Announced in 2015 as Benh Zeitlin’s next project after the box office and
critical success of his debut feature, the 4 time Academy Awards nominated
Beasts Of The Southern Wild (2012), it’s taken the best part of 6 years for
Zeiitlin’s vision of Peter Pan to finally hit cinema screens.
Time unfortunately hasn’t been kind to Zeitlin, with only one feature
movie since 2012, the little heard of Mediterranean in 2015 and an even
less heard of documentary, Brimstone & Glory in 2017 the director once
dubbed the next Spielberg must have felt, in January after Wendy received
less than a glowing reception at Sundance, ironically a place where Bests
Of The Southern Wild had done so well, that his fifteen minutes of fame was
Labours of love for directors, as Wendy so obviously is for Zeitlin, don’t
always work out well in terms of how the director’s vision translates onto
the big screen and so it proves with Wendy. Slow paced and at times poorly
acted, Zeitlin uses, as he did on Beasts of The Southern Wild, performers
who have never acted before, a choice that has very mixed results in terms
of performances, Wendy is a movie that, whilst beautiful to look at, is
never that entertaining.
The story sees a young Wendy Darling, played by Tommie Milazzo at age three
and Devin France at 10, France is easily the best thing in the movie with a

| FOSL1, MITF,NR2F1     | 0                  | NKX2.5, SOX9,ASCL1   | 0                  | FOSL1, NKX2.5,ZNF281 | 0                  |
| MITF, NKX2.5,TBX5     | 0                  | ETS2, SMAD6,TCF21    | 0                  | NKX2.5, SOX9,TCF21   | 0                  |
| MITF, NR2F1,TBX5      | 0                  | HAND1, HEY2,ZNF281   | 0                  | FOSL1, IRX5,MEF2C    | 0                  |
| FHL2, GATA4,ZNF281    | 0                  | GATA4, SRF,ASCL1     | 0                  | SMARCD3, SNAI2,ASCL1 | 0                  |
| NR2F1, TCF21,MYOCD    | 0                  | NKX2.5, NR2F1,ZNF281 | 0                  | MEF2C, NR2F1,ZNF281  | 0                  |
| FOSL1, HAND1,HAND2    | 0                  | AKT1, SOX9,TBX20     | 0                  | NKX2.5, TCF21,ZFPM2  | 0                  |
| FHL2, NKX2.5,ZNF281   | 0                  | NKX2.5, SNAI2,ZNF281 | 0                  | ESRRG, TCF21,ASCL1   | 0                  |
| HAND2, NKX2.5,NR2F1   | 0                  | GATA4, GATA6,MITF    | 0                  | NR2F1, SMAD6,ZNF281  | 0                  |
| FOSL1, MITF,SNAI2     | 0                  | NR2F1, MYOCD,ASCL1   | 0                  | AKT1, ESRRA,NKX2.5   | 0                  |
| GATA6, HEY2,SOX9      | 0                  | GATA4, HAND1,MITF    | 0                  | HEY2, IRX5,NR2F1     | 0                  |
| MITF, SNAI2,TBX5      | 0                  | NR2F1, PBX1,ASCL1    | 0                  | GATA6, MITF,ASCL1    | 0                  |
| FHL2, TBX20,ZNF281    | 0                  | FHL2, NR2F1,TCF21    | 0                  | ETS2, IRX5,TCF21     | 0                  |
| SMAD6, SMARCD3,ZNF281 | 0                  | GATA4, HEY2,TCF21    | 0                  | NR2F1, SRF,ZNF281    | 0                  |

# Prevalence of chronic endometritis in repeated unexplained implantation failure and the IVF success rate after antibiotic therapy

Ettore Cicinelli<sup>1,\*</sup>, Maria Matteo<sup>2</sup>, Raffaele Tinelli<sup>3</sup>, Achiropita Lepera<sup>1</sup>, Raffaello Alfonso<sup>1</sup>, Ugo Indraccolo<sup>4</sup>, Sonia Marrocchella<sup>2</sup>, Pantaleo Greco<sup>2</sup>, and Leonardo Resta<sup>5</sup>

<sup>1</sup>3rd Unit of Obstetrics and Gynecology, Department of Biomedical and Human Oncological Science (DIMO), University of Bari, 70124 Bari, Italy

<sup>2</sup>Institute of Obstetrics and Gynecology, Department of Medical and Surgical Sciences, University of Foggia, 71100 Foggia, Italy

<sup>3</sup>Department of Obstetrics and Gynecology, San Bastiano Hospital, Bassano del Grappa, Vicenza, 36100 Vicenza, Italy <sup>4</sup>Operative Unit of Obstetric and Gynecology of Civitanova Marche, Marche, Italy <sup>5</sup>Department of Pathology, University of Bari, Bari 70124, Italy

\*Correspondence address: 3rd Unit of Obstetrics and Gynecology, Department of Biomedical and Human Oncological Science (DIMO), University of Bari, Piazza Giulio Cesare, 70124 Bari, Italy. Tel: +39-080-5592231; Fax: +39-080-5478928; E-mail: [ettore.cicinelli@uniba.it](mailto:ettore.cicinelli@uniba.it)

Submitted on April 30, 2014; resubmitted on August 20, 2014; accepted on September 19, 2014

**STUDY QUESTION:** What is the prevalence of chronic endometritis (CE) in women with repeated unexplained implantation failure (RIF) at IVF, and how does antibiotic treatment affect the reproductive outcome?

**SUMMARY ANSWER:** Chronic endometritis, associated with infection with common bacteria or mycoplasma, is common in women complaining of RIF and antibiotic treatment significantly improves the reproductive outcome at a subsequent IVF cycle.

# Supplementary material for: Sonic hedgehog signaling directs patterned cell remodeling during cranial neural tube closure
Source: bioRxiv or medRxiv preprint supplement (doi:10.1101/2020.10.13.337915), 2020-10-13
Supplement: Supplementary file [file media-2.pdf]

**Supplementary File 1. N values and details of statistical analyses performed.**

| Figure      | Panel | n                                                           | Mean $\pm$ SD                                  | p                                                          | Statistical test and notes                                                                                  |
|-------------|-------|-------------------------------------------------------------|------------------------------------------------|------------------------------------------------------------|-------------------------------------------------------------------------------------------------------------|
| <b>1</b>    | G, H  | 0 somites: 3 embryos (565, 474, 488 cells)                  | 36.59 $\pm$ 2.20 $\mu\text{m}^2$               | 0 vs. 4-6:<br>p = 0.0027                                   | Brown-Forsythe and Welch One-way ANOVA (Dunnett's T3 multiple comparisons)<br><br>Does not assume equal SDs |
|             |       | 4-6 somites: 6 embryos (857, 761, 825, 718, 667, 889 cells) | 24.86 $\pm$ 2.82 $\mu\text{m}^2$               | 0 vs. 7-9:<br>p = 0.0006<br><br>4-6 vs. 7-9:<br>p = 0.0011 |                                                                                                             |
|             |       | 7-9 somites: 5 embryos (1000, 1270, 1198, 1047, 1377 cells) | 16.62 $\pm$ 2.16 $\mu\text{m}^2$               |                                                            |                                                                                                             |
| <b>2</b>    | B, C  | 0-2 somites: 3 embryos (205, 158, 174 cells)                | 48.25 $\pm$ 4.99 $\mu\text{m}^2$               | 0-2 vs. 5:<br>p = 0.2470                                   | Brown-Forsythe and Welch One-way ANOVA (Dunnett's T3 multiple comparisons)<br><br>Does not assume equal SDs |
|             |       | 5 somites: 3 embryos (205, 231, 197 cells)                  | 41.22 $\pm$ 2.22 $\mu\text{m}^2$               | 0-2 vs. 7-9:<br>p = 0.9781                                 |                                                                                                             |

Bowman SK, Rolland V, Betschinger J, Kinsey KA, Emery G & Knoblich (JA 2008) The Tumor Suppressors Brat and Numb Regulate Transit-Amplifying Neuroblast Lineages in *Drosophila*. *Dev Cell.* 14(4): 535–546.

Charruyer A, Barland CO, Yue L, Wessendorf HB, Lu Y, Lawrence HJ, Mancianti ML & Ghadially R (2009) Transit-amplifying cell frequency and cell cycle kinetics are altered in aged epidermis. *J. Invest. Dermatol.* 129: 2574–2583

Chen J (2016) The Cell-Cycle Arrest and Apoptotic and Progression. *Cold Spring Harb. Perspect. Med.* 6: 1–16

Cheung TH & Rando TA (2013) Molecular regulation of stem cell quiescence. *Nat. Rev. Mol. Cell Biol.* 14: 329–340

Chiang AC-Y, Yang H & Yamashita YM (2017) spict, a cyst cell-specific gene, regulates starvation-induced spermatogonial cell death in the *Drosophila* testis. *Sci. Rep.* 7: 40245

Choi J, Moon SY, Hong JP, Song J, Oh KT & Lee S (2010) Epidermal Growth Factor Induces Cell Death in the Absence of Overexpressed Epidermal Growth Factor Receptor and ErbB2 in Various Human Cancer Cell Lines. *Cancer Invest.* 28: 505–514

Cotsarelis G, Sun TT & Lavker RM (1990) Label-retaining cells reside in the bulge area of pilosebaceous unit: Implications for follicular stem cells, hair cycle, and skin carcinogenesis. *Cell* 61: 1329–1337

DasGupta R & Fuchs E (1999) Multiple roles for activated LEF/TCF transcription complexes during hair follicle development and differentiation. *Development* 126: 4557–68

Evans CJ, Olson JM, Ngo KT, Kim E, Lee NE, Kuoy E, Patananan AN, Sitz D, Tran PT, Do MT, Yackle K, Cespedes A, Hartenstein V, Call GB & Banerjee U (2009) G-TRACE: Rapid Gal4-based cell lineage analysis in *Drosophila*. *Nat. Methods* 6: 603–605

performance that belittles her age I’m sure that this won’t be the last we
see of her, living above her mother’s greasy spoon restaurant right next to
a railway track in Louisiana.
Early in her life she sees one of her friends jump on a train to join a
shady figure – this unsurprisingly turns out, as Wendy herself finds out
when she jumps on a train as a now 10 year old, to be Peter Pan. Joined by
her two twin brothers, James and Douglas (played by twins Gavin and Gage
Naquin), the trio are transported to a land where children never grow old,
and they can run around screaming, and the kids annoyingly scream often and
loud, it’s a bit like having your cinema seat placed next to a kiddies
swing park, and doing whatever they like.
The one downside to staying on the island is if you start to lose your
youthful beliefs then you start to age, there’s even a place on the island,
like a run down Butlin’s holiday camp, where the boring old folk go to
Overall it’s hard to see who Wendy is pitched at in terms of an audience, a
scene where a character has his arm cut off might have young kids squirming
in their seat.
Wendy, after Zeitlin’s excellent Beasts Of The Southern Wild, might be
beautiful, in terms of the cinematography, to look at, but a less than
interesting storyline and some questionable acting only contribute to make
Wendy frustratingly disappointing.